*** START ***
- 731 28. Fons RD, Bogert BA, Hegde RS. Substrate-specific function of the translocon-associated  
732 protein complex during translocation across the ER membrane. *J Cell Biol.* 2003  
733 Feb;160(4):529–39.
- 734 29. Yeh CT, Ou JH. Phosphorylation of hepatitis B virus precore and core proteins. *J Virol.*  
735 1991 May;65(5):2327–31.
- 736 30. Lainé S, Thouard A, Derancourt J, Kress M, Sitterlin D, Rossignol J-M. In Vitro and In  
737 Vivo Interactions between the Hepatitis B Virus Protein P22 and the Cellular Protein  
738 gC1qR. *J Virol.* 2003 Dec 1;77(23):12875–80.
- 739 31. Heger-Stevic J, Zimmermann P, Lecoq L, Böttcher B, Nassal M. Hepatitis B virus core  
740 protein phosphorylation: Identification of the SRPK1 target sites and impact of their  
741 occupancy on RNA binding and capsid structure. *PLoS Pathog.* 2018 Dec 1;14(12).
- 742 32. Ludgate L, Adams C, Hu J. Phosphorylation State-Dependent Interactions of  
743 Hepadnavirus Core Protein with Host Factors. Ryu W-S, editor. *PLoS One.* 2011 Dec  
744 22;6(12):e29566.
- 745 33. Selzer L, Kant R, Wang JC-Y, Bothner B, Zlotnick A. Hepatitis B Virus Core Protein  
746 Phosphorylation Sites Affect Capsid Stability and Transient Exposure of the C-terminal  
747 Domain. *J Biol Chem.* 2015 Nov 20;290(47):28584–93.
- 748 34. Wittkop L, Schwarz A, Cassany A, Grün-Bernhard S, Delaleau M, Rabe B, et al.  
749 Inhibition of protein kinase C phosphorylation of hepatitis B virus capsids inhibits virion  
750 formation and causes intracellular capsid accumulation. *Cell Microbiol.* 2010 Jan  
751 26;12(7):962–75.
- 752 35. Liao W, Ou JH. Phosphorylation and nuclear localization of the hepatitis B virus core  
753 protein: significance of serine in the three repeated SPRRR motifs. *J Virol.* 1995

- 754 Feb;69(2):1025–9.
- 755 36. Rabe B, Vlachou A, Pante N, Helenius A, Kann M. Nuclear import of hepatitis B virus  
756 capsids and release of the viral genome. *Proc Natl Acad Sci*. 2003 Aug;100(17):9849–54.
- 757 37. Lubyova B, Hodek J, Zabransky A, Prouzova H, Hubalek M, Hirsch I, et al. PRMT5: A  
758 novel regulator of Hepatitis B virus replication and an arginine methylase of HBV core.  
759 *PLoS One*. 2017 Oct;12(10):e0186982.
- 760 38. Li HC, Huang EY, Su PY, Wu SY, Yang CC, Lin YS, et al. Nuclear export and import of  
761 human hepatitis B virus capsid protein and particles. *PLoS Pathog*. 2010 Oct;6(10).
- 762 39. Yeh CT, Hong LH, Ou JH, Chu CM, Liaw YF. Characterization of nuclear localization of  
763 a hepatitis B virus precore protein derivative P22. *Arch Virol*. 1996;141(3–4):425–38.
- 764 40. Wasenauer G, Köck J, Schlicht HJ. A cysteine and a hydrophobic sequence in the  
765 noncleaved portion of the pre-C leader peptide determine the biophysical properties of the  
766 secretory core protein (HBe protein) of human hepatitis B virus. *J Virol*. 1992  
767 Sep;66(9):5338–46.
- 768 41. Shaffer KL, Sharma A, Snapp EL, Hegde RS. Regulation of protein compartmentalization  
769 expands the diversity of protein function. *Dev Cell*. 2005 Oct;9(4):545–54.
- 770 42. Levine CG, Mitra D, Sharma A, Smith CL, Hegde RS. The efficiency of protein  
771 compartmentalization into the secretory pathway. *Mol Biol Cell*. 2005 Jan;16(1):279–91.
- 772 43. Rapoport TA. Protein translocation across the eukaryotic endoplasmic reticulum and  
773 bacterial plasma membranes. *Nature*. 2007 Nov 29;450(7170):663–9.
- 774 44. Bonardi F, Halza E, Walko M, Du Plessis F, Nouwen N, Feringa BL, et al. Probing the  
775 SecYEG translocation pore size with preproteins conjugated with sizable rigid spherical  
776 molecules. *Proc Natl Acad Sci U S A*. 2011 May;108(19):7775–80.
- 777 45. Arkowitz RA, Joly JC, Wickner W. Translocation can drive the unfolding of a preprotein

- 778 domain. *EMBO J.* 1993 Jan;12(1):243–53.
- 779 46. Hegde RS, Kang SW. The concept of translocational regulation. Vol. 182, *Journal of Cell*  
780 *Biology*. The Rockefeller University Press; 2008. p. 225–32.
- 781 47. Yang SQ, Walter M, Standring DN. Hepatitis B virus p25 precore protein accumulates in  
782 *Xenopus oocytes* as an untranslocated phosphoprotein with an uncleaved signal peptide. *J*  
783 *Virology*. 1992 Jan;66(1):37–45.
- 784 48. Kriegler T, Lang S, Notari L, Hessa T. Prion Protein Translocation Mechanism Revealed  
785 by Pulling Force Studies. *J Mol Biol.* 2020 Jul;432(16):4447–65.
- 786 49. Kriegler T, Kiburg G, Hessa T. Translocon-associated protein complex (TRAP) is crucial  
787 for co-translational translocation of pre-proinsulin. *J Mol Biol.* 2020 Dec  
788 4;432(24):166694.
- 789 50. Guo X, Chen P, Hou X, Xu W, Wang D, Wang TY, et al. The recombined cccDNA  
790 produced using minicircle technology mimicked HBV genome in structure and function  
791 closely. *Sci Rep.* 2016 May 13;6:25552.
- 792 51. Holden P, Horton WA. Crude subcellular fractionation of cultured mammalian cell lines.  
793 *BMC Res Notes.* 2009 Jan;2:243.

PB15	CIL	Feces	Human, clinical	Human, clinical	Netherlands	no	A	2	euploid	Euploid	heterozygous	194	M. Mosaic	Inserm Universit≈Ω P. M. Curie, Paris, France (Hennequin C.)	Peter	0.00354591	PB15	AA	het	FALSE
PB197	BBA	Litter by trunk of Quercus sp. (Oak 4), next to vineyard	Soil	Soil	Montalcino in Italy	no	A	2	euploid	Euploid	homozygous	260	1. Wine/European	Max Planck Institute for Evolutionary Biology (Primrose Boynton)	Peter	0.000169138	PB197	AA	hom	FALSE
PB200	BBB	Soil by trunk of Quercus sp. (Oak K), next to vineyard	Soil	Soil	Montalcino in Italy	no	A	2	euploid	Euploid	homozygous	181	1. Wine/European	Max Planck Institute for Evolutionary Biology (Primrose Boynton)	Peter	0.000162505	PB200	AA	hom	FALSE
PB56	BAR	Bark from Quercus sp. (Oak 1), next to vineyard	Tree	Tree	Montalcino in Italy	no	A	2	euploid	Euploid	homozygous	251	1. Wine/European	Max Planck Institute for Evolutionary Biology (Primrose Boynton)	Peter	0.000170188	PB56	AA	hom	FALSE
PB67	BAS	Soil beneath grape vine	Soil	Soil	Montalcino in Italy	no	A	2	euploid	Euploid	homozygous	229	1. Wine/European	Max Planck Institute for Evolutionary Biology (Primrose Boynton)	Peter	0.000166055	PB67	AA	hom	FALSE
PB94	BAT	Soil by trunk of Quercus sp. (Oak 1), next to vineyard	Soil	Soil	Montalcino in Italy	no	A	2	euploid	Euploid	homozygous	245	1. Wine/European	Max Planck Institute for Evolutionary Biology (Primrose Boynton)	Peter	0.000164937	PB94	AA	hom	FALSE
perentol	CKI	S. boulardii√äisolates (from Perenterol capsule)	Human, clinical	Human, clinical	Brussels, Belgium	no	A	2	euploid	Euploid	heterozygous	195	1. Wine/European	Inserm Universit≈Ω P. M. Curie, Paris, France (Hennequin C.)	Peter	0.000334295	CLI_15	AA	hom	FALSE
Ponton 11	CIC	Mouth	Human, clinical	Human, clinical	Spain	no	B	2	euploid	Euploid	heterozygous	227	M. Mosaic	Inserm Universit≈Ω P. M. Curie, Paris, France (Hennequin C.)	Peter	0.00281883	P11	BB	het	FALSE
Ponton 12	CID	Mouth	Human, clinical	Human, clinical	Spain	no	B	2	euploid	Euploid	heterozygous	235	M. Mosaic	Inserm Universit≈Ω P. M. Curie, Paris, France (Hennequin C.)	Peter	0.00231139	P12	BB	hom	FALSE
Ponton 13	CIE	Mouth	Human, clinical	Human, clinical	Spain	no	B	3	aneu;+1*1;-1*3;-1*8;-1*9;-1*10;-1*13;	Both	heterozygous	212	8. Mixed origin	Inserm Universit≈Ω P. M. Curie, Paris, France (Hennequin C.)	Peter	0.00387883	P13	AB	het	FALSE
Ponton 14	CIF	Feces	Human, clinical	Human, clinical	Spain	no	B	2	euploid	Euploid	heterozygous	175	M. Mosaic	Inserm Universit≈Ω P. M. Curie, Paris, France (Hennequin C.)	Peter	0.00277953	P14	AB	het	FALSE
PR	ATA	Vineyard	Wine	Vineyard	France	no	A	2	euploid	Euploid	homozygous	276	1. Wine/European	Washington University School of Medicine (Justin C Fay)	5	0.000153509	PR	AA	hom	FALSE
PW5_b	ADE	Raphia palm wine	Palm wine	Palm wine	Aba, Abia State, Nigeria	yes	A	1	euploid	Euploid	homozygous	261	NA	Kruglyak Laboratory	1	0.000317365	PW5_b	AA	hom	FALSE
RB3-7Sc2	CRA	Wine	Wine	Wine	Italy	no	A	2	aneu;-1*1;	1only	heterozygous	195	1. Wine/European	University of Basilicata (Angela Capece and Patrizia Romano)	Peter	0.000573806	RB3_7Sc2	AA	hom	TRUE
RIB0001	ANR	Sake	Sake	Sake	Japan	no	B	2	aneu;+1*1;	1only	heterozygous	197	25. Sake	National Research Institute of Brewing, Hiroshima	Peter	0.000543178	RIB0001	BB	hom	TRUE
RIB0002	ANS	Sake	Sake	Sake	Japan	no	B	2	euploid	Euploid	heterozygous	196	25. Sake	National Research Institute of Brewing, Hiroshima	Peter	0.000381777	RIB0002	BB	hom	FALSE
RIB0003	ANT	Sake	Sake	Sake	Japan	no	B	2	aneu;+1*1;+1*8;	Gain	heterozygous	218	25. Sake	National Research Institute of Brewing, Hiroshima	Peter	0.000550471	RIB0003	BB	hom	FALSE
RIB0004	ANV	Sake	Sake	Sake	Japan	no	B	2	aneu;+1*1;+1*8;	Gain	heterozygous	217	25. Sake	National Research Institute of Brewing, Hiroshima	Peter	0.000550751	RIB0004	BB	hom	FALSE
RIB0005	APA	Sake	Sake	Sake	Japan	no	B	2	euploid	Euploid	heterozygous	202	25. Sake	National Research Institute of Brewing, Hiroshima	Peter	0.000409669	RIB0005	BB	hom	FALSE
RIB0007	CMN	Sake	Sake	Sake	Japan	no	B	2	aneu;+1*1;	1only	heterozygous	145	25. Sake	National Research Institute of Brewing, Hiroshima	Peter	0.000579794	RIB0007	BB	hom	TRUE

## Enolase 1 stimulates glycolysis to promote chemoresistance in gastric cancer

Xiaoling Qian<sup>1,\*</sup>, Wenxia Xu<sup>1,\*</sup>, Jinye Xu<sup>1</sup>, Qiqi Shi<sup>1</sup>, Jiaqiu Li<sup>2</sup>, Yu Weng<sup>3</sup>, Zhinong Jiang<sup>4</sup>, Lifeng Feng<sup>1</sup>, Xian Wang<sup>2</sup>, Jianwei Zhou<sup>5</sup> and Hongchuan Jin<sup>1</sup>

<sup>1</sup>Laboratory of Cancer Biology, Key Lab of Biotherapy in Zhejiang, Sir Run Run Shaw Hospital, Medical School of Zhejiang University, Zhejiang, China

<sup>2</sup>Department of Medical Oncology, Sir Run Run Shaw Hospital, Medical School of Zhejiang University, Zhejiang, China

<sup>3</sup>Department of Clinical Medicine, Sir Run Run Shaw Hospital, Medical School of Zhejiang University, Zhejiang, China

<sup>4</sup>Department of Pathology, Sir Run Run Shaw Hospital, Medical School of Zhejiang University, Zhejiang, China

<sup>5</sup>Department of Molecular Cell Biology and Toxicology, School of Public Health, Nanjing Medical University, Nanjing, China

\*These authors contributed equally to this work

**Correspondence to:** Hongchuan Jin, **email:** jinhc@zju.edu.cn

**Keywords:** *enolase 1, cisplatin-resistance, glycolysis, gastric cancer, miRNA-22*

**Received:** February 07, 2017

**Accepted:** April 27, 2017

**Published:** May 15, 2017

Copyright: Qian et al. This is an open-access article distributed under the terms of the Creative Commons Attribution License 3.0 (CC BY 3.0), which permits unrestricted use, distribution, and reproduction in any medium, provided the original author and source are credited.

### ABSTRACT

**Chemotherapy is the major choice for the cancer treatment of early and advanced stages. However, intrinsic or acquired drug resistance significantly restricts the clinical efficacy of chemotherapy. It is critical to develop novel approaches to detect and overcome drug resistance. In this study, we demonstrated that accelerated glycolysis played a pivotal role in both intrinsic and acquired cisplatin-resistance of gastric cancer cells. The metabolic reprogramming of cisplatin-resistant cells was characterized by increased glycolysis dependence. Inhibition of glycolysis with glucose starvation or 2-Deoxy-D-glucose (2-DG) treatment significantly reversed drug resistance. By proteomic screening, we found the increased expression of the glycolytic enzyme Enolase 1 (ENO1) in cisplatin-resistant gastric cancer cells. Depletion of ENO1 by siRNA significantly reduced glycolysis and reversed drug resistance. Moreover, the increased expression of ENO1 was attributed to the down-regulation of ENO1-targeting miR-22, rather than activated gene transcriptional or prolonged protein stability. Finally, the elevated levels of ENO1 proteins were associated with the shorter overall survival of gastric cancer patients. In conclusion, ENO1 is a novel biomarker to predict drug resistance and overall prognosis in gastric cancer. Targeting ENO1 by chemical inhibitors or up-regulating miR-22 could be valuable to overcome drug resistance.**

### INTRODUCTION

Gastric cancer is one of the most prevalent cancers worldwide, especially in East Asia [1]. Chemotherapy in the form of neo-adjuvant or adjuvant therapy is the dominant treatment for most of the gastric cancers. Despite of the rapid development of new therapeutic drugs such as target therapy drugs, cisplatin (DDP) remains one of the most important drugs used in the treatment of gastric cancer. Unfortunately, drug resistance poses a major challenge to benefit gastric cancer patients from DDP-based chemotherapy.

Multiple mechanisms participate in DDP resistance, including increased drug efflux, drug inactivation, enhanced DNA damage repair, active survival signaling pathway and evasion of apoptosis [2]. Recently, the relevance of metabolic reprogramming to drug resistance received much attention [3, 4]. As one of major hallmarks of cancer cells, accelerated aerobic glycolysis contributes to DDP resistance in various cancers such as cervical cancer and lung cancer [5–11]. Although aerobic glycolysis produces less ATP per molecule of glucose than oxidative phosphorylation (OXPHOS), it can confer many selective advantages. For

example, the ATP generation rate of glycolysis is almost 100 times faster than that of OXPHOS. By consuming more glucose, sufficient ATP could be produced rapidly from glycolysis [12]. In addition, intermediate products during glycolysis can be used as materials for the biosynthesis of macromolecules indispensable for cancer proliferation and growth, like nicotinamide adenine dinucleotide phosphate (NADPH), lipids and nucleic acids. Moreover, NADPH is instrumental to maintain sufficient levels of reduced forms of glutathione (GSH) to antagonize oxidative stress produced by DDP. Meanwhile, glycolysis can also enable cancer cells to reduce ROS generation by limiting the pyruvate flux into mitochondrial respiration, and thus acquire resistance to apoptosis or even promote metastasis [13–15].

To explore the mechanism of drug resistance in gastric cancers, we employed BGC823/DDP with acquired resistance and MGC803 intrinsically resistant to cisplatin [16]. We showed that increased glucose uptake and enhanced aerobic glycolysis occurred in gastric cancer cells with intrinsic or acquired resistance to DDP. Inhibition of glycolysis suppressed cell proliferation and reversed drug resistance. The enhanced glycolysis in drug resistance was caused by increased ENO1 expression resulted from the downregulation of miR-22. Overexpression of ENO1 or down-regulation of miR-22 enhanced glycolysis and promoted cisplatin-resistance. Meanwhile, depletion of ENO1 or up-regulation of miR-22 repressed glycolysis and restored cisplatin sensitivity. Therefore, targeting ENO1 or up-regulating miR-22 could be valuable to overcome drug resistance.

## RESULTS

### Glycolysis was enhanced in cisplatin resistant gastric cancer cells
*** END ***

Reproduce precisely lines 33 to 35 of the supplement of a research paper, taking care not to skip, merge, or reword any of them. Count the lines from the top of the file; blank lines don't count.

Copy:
763 a hepatitis B virus precore protein derivative P22. *Arch Virol*. 1996;141(3–4):425–38.
- 764 40. Wasenauer G, Köck J, Schlicht HJ. A cysteine and a hydrophobic sequence in the  
765 noncleaved portion of the pre-C leader peptide determine the biophysical properties of the  